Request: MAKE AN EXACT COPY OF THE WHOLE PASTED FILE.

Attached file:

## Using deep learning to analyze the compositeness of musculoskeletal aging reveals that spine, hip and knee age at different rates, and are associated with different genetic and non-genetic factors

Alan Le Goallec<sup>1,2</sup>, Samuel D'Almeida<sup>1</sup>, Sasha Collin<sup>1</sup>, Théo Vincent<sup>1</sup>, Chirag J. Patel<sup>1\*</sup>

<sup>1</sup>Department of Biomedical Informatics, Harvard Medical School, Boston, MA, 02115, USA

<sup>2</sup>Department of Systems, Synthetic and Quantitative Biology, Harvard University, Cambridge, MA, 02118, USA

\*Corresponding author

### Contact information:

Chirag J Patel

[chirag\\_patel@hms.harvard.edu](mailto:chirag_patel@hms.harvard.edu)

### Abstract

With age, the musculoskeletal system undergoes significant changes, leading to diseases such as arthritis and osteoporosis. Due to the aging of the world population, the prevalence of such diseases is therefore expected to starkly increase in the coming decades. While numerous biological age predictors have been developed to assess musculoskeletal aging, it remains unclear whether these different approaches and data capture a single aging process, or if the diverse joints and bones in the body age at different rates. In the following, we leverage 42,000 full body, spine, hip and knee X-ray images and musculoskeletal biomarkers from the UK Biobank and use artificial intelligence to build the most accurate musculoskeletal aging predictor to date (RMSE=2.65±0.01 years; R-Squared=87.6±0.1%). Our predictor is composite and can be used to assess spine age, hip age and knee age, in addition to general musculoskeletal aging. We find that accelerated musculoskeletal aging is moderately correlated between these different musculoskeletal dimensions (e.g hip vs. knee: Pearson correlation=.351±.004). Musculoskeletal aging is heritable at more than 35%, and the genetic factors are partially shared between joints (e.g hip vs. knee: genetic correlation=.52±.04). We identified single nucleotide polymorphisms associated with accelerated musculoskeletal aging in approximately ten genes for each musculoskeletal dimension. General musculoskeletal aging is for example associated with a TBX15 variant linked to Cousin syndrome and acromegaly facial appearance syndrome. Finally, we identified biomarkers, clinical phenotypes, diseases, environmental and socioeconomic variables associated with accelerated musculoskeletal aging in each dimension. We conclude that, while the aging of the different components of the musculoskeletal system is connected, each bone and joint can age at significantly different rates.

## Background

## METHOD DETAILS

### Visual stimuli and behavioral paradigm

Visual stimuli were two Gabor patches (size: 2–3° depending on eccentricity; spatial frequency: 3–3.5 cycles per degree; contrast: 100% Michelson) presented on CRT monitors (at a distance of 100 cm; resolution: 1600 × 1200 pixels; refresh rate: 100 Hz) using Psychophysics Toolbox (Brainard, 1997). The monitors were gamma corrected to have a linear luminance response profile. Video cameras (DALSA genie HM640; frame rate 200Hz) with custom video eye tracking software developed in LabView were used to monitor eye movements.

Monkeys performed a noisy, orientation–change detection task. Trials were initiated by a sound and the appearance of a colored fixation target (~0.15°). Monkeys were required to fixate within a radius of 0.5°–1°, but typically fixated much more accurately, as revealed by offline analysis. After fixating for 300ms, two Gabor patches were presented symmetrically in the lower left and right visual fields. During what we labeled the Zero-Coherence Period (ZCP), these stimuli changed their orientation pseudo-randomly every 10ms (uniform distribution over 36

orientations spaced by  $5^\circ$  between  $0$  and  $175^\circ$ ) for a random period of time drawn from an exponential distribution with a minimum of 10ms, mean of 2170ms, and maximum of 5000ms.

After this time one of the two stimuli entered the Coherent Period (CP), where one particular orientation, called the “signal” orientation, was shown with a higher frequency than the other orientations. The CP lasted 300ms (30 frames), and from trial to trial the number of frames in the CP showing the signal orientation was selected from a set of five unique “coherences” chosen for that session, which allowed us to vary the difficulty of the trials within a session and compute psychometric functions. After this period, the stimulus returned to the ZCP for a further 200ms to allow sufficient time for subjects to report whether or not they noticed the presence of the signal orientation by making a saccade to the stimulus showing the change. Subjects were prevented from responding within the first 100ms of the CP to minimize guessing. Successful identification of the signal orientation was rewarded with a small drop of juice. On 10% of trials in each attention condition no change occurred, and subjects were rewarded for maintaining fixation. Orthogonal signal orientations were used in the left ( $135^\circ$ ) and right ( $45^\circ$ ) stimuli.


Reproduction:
## Using deep learning to analyze the compositeness of musculoskeletal aging reveals that spine, hip and knee age at different rates, and are associated with different genetic and non-genetic factors

Alan Le Goallec<sup>1,2</sup>, Samuel D'Almeida<sup>1</sup>, Sasha Collin<sup>1</sup>, Théo Vincent<sup>1</sup>, Chirag J. Patel<sup>1\*</sup>

<sup>1</sup>Department of Biomedical Informatics, Harvard Medical School, Boston, MA, 02115, USA

<sup>2</sup>Department of Systems, Synthetic and Quantitative Biology, Harvard University, Cambridge, MA, 02118, USA

\*Corresponding author

### Contact information:

Chirag J Patel

[chirag\\_patel@hms.harvard.edu](mailto:chirag_patel@hms.harvard.edu)

### Abstract

With age, the musculoskeletal system undergoes significant changes, leading to diseases such as arthritis and osteoporosis. Due to the aging of the world population, the prevalence of such diseases is therefore expected to starkly increase in the coming decades. While numerous biological age predictors have been developed to assess musculoskeletal aging, it remains unclear whether these different approaches and data capture a single aging process, or if the diverse joints and bones in the body age at different rates. In the following, we leverage 42,000 full body, spine, hip and knee X-ray images and musculoskeletal biomarkers from the UK Biobank and use artificial intelligence to build the most accurate musculoskeletal aging predictor to date (RMSE=2.65±0.01 years; R-Squared=87.6±0.1%). Our predictor is composite and can be used to assess spine age, hip age and knee age, in addition to general musculoskeletal aging. We find that accelerated musculoskeletal aging is moderately correlated between these different musculoskeletal dimensions (e.g hip vs. knee: Pearson correlation=.351±.004). Musculoskeletal aging is heritable at more than 35%, and the genetic factors are partially shared between joints (e.g hip vs. knee: genetic correlation=.52±.04). We identified single nucleotide polymorphisms associated with accelerated musculoskeletal aging in approximately ten genes for each musculoskeletal dimension. General musculoskeletal aging is for example associated with a TBX15 variant linked to Cousin syndrome and acromegaly facial appearance syndrome. Finally, we identified biomarkers, clinical phenotypes, diseases, environmental and socioeconomic variables associated with accelerated musculoskeletal aging in each dimension. We conclude that, while the aging of the different components of the musculoskeletal system is connected, each bone and joint can age at significantly different rates.

## Background

## METHOD DETAILS

### Visual stimuli and behavioral paradigm

Visual stimuli were two Gabor patches (size: 2–3° depending on eccentricity; spatial frequency: 3–3.5 cycles per degree; contrast: 100% Michelson) presented on CRT monitors (at a distance of 100 cm; resolution: 1600 × 1200 pixels; refresh rate: 100 Hz) using Psychophysics Toolbox (Brainard, 1997). The monitors were gamma corrected to have a linear luminance response profile. Video cameras (DALSA genie HM640; frame rate 200Hz) with custom video eye tracking software developed in LabView were used to monitor eye movements.

Monkeys performed a noisy, orientation–change detection task. Trials were initiated by a sound and the appearance of a colored fixation target (~0.15°). Monkeys were required to fixate within a radius of 0.5°–1°, but typically fixated much more accurately, as revealed by offline analysis. After fixating for 300ms, two Gabor patches were presented symmetrically in the lower left and right visual fields. During what we labeled the Zero-Coherence Period (ZCP), these stimuli changed their orientation pseudo-randomly every 10ms (uniform distribution over 36

orientations spaced by  $5^\circ$  between  $0$  and  $175^\circ$ ) for a random period of time drawn from an exponential distribution with a minimum of 10ms, mean of 2170ms, and maximum of 5000ms.

After this time one of the two stimuli entered the Coherent Period (CP), where one particular orientation, called the “signal” orientation, was shown with a higher frequency than the other orientations. The CP lasted 300ms (30 frames), and from trial to trial the number of frames in the CP showing the signal orientation was selected from a set of five unique “coherences” chosen for that session, which allowed us to vary the difficulty of the trials within a session and compute psychometric functions. After this period, the stimulus returned to the ZCP for a further 200ms to allow sufficient time for subjects to report whether or not they noticed the presence of the signal orientation by making a saccade to the stimulus showing the change. Subjects were prevented from responding within the first 100ms of the CP to minimize guessing. Successful identification of the signal orientation was rewarded with a small drop of juice. On 10% of trials in each attention condition no change occurred, and subjects were rewarded for maintaining fixation. Orthogonal signal orientations were used in the left ( $135^\circ$ ) and right ( $45^\circ$ ) stimuli.